Essay Analysis of Vark Learning Strategies

990 Words Jun 27th, 2012 4 Pages
Running head: ANALYSIS OF VARK LEARNING STRATEGIES

Analysis of VARK Learning Strategies

“The acronym VARK stands for Visual, Aural, Read/write, and Kinesthetic sensory modalities that are used for learning information (Fleming & Mills, 1992)”. Each person learns in a unique yet definable way, and through the utilization of the VARK system, categories have been established to assist in understanding and promoting effective learning by the individual. The VARK system is based on a questionnaire where each person describes their response to a given situation, and the compilation of the answers then allows these results to place the individual within one of the four identified groups, with the addition of a fifth being an
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The writing of reports, reading of texts and use of the internet are all identified as methods of learning through this style. Read/write was identified with the second highest rating on the personal questionnaire.
Kinesthetic learning is the hands-on approach to retaining information. The demonstration of a skill, practice of a particular event or situation, and physical association with an object is crucial to the preservation of new information for this individual. The physical performance of the event or task allows for the complete understanding of the concept. Kinesthetic style of learning received the third highest rating on the personal questionnaire, yet is identified as the preferred method of learning for this individual.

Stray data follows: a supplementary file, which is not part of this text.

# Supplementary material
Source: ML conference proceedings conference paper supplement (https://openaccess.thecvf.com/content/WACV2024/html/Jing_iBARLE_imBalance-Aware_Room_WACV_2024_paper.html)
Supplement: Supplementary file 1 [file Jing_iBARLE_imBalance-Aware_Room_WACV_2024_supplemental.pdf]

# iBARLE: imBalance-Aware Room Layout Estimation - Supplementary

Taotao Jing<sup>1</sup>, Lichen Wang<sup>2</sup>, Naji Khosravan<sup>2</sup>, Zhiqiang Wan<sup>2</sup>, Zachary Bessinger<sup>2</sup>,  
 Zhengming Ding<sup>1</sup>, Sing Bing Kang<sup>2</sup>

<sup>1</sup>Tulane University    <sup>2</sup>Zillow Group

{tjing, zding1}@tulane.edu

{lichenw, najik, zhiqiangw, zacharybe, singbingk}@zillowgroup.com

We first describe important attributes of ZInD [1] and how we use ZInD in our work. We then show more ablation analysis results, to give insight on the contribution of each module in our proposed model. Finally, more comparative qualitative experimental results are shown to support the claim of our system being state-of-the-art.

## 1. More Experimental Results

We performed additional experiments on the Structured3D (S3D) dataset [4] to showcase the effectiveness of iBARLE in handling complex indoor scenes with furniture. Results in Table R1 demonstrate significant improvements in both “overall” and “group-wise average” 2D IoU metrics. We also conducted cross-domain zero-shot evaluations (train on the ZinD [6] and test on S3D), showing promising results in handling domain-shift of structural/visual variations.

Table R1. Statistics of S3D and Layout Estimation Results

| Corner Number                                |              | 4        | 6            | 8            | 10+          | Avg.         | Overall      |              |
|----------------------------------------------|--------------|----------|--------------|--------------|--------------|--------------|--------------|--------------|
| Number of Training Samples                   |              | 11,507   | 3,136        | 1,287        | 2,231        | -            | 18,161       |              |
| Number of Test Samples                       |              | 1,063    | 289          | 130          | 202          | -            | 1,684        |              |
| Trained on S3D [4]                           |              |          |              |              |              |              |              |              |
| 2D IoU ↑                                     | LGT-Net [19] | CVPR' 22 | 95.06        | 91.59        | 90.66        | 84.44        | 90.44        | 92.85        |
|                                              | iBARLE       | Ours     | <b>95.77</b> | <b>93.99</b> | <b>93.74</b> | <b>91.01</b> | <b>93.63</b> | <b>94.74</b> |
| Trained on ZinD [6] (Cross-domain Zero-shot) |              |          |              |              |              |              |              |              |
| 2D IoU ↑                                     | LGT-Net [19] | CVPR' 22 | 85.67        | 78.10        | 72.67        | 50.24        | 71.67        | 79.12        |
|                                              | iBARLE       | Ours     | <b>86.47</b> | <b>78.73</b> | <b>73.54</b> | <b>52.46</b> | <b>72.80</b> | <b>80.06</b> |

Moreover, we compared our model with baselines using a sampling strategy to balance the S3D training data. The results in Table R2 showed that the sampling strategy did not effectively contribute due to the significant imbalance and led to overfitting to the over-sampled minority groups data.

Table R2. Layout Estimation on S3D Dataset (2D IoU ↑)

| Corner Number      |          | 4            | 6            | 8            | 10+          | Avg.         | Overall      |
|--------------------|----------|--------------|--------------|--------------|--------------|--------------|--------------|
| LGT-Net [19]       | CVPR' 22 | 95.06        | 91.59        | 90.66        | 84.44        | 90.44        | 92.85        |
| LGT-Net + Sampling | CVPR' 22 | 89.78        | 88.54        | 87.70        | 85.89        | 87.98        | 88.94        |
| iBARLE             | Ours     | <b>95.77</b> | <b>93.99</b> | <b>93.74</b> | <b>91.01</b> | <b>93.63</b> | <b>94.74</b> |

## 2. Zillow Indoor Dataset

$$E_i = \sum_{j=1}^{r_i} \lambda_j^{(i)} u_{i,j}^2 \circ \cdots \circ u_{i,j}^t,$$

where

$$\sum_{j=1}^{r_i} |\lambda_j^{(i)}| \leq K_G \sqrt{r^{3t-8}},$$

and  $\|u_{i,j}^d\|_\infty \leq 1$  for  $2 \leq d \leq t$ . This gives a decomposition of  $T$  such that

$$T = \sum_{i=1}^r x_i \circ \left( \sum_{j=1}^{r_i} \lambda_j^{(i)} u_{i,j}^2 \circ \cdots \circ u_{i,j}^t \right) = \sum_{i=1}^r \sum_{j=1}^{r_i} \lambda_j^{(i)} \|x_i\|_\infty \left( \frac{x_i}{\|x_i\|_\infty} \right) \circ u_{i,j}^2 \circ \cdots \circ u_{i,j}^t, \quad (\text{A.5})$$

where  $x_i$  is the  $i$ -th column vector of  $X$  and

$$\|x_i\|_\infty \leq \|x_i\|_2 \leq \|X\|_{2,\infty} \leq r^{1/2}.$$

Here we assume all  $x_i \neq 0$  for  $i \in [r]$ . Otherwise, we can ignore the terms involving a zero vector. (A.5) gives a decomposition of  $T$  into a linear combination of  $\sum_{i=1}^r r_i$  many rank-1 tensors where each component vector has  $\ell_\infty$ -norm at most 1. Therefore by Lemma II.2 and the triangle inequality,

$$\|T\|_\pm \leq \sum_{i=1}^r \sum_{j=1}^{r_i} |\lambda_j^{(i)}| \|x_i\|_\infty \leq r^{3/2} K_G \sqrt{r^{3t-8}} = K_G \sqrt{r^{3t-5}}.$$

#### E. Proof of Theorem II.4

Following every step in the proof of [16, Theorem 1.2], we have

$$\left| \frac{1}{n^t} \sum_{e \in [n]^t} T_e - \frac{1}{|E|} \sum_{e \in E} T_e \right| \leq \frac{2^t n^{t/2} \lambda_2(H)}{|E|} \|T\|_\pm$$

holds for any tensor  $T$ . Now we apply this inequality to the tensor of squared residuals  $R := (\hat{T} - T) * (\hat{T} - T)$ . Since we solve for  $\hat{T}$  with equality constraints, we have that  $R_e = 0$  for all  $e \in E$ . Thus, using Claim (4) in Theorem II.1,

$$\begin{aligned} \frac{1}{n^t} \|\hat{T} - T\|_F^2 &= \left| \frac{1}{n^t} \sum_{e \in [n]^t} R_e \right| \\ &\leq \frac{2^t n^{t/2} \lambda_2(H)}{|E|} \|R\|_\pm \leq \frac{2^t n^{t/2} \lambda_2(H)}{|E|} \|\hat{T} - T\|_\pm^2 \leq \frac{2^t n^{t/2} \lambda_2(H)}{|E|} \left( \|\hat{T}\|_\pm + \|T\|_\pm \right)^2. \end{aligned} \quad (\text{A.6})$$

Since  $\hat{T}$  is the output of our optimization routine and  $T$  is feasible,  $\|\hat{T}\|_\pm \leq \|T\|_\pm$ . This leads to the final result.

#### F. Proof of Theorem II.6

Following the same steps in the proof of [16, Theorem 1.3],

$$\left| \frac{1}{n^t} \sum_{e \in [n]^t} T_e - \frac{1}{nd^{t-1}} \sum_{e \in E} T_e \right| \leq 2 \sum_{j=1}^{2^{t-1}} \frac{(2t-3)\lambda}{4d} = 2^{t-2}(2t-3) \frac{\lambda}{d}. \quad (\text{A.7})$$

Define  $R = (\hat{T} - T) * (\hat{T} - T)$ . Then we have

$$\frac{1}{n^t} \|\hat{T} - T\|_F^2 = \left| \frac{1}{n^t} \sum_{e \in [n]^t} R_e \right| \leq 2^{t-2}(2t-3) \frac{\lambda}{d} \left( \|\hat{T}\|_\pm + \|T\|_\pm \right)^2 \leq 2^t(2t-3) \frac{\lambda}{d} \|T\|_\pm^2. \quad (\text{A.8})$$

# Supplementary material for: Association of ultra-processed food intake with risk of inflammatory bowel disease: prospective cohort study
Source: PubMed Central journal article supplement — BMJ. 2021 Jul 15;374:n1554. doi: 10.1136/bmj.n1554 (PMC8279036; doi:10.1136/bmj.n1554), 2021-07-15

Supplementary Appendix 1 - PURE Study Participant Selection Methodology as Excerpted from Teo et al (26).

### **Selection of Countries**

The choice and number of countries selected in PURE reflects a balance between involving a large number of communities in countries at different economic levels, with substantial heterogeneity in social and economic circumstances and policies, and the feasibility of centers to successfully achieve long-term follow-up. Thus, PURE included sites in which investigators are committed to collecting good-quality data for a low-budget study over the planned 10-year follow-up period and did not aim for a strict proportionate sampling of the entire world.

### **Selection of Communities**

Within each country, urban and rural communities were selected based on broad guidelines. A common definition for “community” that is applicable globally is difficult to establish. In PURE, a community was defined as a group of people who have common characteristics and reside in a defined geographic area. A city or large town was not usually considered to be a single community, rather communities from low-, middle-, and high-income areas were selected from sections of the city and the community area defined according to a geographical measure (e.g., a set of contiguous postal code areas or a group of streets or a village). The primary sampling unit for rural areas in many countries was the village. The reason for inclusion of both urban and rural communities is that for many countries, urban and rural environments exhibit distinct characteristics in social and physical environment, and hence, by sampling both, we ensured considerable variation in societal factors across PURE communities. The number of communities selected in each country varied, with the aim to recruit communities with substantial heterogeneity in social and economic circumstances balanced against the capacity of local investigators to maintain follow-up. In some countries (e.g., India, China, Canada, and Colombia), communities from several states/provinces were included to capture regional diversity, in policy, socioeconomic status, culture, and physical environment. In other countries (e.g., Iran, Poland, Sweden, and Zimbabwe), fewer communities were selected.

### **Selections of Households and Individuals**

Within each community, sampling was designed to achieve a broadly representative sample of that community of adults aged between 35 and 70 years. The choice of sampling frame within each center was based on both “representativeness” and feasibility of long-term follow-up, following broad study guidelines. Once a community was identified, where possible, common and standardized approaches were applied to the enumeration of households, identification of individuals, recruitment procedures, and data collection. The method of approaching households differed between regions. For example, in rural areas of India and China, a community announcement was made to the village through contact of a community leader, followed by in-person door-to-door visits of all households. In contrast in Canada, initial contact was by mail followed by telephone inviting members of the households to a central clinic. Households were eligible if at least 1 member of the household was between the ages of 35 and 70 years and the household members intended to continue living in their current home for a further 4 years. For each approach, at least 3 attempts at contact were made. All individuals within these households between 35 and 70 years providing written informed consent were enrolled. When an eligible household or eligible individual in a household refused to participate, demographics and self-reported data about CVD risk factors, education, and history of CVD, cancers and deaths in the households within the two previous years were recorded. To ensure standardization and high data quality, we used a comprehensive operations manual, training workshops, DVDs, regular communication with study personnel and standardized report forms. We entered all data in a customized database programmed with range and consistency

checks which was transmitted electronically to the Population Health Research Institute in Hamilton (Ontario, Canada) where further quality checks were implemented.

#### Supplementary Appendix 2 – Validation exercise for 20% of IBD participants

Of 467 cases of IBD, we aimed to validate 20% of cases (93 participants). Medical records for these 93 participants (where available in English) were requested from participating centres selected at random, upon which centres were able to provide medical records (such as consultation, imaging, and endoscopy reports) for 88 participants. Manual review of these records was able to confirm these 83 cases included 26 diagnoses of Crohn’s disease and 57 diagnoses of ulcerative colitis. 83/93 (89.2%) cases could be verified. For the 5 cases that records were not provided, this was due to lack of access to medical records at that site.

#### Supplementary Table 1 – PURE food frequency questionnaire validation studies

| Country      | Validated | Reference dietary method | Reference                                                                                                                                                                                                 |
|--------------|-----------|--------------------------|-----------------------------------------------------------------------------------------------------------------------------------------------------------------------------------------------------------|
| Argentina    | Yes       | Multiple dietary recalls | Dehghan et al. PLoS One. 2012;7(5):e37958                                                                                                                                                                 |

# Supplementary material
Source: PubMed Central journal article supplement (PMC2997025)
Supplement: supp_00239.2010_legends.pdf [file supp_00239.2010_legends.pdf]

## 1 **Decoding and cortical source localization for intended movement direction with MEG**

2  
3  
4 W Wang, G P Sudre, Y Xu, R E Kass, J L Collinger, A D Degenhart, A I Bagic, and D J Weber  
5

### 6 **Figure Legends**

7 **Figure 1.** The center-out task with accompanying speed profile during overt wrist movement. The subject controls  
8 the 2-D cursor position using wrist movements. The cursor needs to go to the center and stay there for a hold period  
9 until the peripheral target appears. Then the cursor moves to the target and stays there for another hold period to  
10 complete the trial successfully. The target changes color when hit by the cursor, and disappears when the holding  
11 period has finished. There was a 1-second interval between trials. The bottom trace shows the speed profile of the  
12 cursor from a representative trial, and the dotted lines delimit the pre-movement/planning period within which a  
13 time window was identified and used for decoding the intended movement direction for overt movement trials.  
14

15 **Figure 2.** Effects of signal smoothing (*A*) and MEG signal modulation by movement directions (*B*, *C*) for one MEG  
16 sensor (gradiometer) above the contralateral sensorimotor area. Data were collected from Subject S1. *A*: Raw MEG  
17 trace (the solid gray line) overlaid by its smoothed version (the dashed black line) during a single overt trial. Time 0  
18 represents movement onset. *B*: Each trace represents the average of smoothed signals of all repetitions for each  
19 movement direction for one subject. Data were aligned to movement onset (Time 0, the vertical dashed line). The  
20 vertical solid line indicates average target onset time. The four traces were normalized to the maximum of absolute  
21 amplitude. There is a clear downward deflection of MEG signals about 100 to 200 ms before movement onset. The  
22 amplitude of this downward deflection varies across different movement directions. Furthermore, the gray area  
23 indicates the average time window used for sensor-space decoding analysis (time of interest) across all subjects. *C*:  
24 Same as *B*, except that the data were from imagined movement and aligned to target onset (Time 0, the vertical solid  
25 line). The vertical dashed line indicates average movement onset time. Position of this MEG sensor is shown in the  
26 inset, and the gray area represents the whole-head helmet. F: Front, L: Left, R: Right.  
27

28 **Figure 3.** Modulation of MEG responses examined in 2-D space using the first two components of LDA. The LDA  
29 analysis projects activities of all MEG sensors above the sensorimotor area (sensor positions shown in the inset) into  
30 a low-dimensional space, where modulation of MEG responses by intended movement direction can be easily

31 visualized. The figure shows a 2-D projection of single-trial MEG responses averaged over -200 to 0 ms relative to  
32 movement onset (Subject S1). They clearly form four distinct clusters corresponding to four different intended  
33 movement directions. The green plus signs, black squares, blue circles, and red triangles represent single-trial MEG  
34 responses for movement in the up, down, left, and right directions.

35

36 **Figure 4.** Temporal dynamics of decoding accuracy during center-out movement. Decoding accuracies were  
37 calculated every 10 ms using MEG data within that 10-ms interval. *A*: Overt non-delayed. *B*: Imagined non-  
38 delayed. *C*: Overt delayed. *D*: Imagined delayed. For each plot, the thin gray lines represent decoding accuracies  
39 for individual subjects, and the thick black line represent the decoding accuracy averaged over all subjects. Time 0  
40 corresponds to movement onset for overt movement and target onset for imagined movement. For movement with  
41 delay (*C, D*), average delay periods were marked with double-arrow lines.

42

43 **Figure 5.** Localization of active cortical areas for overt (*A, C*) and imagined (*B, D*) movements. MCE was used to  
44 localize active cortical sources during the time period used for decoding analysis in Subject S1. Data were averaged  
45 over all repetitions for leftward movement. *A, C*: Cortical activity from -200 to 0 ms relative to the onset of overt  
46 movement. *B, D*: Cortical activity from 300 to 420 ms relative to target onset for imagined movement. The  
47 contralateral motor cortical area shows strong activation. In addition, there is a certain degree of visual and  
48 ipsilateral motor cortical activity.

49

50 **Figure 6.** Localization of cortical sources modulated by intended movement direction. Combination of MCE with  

Upon completion of the questionnaire, the multimodal learning preference was identified as the strategy most effective for this individual. “If you have multiple preferences you are in the majority, as approximately 60% of any population fits that category (Fleming & Mills, 1992)”. Multimodal learning encompasses all four categories of learning styles, and allows for the processing of information to be achieved in many different ways. This style can be viewed in both positive and negative ways; positive in that it allows the learner to “switch” modalities in order to understand the material with a deeper sense of completion, and negatively by forcing the individual to multitask within their own psyche and possibly take

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